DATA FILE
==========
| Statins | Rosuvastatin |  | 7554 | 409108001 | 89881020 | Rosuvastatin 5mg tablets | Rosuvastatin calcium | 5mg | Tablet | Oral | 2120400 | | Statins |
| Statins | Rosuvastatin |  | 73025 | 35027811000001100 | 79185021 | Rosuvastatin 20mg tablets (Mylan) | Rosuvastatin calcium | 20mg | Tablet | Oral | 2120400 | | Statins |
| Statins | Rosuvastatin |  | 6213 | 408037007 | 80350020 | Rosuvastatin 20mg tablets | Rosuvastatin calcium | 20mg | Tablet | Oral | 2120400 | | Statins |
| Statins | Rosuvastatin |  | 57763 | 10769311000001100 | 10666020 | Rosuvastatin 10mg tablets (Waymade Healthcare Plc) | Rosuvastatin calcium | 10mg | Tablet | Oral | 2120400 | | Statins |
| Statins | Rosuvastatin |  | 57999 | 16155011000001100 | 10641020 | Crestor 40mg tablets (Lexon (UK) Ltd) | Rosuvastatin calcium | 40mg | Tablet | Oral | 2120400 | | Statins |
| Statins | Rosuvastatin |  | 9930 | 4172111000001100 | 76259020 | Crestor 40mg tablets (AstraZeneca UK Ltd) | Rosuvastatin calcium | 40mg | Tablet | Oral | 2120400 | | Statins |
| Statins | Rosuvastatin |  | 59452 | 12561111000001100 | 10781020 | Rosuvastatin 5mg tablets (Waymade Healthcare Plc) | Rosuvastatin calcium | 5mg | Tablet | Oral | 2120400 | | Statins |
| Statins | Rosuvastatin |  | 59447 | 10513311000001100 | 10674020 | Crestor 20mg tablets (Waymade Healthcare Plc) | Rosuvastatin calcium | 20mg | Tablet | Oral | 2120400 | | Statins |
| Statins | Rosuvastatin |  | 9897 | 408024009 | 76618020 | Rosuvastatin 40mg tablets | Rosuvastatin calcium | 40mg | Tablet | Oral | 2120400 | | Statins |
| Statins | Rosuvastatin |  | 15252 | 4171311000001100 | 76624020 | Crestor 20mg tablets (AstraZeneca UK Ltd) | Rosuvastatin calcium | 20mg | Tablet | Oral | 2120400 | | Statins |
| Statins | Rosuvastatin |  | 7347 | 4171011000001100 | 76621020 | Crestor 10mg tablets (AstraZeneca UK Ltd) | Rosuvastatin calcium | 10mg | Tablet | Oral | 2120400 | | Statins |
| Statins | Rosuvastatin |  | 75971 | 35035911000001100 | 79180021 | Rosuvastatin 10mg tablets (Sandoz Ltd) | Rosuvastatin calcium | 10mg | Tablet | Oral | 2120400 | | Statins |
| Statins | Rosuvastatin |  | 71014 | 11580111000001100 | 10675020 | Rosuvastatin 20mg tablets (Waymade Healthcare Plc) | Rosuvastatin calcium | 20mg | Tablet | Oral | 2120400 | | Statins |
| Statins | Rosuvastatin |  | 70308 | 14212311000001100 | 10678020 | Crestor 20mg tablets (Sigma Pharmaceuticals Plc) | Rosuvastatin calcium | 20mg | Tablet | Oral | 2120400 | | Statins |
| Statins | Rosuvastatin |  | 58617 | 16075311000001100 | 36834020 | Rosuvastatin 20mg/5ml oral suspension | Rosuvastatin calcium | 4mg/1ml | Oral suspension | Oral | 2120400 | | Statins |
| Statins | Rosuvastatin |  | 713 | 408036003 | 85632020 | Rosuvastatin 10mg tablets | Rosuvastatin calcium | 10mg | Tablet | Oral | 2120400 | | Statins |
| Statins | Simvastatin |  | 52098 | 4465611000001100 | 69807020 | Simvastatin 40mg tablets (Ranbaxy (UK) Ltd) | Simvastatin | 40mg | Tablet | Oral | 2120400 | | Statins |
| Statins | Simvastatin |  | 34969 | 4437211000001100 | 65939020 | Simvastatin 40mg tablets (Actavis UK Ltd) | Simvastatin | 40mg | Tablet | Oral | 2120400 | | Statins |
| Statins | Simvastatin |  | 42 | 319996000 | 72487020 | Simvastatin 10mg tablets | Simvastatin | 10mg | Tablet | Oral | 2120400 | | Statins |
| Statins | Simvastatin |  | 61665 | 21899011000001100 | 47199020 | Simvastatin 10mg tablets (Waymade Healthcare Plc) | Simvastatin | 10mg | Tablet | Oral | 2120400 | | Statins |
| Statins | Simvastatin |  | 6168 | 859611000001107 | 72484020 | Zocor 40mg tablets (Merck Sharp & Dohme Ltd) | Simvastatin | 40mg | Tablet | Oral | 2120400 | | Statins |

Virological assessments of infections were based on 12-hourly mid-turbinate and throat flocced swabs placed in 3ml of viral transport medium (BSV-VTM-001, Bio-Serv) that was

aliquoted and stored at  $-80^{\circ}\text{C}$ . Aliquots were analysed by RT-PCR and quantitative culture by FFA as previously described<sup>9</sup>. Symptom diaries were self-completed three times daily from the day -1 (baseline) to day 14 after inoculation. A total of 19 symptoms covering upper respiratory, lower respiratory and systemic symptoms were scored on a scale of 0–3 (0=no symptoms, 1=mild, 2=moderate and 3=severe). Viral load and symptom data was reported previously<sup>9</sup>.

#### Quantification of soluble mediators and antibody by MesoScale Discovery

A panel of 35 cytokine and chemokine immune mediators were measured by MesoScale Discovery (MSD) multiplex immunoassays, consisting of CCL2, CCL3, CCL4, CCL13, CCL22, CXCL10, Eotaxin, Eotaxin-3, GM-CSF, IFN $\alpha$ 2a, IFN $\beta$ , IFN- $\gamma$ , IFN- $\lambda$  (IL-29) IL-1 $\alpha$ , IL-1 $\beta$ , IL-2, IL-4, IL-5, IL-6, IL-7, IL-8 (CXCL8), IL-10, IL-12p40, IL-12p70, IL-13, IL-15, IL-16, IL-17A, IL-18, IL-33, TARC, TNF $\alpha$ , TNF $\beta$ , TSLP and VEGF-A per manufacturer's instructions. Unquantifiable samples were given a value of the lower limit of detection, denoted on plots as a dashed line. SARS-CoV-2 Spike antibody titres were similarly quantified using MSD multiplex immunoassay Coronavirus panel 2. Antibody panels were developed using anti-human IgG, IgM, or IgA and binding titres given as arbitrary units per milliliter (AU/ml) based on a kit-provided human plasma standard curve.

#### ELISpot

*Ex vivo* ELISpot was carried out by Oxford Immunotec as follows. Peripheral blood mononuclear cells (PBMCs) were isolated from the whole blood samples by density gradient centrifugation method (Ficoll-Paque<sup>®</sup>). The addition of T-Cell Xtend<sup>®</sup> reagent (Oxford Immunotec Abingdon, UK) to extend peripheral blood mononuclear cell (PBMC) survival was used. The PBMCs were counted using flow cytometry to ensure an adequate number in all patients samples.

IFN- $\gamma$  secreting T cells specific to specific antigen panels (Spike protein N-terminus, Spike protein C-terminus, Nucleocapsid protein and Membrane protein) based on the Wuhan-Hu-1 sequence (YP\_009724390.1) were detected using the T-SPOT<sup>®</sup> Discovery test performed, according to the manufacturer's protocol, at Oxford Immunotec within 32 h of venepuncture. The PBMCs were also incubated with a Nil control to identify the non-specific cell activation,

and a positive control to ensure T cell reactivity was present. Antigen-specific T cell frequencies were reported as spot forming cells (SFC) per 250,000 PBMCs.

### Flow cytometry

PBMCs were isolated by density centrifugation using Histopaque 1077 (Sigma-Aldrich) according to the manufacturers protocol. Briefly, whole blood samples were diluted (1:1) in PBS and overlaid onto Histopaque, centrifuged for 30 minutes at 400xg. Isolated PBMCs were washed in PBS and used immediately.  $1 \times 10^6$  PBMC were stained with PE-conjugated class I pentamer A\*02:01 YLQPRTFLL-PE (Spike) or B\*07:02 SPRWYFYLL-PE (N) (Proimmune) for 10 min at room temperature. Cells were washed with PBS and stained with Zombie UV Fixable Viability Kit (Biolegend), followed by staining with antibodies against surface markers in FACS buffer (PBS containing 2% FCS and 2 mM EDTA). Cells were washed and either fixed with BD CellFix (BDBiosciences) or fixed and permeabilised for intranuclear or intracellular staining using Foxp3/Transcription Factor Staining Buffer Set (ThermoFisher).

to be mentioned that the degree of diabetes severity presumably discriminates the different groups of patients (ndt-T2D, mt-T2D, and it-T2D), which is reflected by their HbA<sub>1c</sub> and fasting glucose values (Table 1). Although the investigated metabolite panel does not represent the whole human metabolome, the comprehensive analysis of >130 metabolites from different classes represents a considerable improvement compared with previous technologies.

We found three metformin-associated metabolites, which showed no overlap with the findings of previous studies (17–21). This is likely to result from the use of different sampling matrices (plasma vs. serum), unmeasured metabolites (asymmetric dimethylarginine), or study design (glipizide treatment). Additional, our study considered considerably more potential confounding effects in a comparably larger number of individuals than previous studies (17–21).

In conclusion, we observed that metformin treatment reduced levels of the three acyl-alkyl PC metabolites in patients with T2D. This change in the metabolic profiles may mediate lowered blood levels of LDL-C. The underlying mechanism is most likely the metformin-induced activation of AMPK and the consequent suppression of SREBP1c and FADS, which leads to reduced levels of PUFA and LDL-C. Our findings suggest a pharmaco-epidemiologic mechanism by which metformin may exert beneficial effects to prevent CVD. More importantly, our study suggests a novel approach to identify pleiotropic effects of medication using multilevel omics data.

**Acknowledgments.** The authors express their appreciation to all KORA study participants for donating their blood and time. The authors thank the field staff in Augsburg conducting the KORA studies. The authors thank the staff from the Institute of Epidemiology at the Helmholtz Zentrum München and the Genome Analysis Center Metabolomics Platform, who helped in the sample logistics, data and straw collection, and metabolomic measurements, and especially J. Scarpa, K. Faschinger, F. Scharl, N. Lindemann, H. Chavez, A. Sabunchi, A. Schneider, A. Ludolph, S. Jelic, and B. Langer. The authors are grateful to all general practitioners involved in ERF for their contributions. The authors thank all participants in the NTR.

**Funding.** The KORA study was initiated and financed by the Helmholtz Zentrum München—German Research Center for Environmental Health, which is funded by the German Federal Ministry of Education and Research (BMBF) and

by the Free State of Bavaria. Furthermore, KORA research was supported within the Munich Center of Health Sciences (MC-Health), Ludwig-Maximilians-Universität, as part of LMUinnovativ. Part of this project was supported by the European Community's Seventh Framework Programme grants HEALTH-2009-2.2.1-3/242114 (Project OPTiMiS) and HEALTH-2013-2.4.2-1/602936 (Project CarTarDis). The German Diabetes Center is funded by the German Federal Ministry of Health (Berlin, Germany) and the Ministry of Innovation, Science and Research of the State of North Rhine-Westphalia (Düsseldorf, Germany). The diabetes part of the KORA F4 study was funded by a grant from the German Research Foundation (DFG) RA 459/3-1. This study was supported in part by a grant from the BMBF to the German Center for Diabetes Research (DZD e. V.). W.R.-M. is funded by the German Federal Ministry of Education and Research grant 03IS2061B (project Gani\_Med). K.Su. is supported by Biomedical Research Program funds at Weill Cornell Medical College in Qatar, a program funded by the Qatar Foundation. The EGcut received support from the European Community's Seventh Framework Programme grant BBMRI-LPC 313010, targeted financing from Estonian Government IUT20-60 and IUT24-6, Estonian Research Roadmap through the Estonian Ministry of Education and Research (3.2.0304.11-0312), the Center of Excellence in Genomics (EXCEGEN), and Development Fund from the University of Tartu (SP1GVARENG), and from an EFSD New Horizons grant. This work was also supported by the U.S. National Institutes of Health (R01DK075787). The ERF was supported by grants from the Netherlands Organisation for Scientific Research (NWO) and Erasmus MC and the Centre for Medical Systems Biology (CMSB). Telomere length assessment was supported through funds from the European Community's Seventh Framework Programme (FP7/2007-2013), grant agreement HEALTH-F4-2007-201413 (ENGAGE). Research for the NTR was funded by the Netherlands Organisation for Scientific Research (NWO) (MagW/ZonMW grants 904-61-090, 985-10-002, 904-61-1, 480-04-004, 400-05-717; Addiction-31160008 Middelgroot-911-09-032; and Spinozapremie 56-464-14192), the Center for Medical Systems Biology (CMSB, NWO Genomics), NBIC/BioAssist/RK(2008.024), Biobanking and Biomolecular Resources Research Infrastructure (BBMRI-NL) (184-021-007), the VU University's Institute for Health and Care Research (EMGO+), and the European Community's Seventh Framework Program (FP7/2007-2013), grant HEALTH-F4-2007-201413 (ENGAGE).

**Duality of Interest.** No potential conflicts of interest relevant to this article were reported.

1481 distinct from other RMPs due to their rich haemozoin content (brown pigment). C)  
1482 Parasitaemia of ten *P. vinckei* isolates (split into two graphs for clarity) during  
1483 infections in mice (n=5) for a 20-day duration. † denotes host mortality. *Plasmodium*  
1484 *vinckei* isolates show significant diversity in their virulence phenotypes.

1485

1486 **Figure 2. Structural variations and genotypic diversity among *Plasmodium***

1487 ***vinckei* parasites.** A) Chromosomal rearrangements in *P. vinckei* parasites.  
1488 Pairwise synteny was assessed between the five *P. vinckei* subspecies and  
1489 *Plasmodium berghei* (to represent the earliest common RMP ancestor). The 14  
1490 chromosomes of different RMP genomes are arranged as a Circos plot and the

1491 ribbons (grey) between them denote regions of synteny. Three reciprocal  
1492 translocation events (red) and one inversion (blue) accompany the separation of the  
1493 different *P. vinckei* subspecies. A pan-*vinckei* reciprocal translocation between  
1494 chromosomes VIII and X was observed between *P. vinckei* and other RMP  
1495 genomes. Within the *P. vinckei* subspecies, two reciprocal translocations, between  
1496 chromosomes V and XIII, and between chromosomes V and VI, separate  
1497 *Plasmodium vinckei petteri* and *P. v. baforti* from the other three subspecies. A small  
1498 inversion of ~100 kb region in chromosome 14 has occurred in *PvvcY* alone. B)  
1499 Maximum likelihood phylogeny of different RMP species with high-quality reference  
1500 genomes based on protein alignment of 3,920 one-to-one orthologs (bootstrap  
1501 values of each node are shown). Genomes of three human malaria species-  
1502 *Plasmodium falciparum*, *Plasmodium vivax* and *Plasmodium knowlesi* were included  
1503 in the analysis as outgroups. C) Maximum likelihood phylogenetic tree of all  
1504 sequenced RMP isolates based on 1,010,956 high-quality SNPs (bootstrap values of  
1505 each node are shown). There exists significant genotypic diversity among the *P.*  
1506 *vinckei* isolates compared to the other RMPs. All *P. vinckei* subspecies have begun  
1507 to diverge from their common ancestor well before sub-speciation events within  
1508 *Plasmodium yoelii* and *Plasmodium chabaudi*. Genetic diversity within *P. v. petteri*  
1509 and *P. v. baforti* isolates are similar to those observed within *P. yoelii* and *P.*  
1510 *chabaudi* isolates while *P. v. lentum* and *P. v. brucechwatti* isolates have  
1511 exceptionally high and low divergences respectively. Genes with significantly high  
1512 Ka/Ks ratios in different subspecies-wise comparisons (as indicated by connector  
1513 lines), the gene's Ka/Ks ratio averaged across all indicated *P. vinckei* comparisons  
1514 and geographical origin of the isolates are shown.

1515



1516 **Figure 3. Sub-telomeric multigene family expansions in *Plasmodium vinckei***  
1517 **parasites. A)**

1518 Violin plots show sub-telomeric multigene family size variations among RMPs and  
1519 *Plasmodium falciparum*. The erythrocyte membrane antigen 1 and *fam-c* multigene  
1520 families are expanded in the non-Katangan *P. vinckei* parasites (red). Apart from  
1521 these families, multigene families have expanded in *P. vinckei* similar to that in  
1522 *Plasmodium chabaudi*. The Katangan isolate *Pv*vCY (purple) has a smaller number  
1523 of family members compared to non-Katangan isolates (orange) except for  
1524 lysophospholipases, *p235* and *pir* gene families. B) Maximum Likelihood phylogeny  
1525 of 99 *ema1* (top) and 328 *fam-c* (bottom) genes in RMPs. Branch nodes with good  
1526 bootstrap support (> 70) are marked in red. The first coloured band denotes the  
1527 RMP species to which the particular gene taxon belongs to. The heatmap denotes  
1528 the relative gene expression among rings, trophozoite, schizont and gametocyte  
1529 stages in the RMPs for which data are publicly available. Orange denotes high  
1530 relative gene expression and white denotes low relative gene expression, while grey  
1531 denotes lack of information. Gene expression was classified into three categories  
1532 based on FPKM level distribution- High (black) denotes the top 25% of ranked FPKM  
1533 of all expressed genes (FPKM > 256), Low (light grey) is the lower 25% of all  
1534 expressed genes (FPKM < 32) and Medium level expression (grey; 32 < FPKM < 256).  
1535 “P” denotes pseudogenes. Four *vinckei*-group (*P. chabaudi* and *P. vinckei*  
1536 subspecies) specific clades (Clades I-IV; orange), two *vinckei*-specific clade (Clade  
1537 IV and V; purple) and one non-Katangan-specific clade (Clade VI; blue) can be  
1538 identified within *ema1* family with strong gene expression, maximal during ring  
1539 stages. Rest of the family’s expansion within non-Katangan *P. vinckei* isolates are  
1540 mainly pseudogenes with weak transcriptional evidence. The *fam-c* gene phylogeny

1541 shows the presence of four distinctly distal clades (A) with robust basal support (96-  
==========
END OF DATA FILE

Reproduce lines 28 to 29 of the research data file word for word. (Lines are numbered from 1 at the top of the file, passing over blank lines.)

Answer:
IFN- $\gamma$  secreting T cells specific to specific antigen panels (Spike protein N-terminus, Spike protein C-terminus, Nucleocapsid protein and Membrane protein) based on the Wuhan-Hu-1 sequence (YP\_009724390.1) were detected using the T-SPOT<sup>®</sup> Discovery test performed, according to the manufacturer's protocol, at Oxford Immunotec within 32 h of venepuncture. The PBMCs were also incubated with a Nil control to identify the non-specific cell activation,

and a positive control to ensure T cell reactivity was present. Antigen-specific T cell frequencies were reported as spot forming cells (SFC) per 250,000 PBMCs.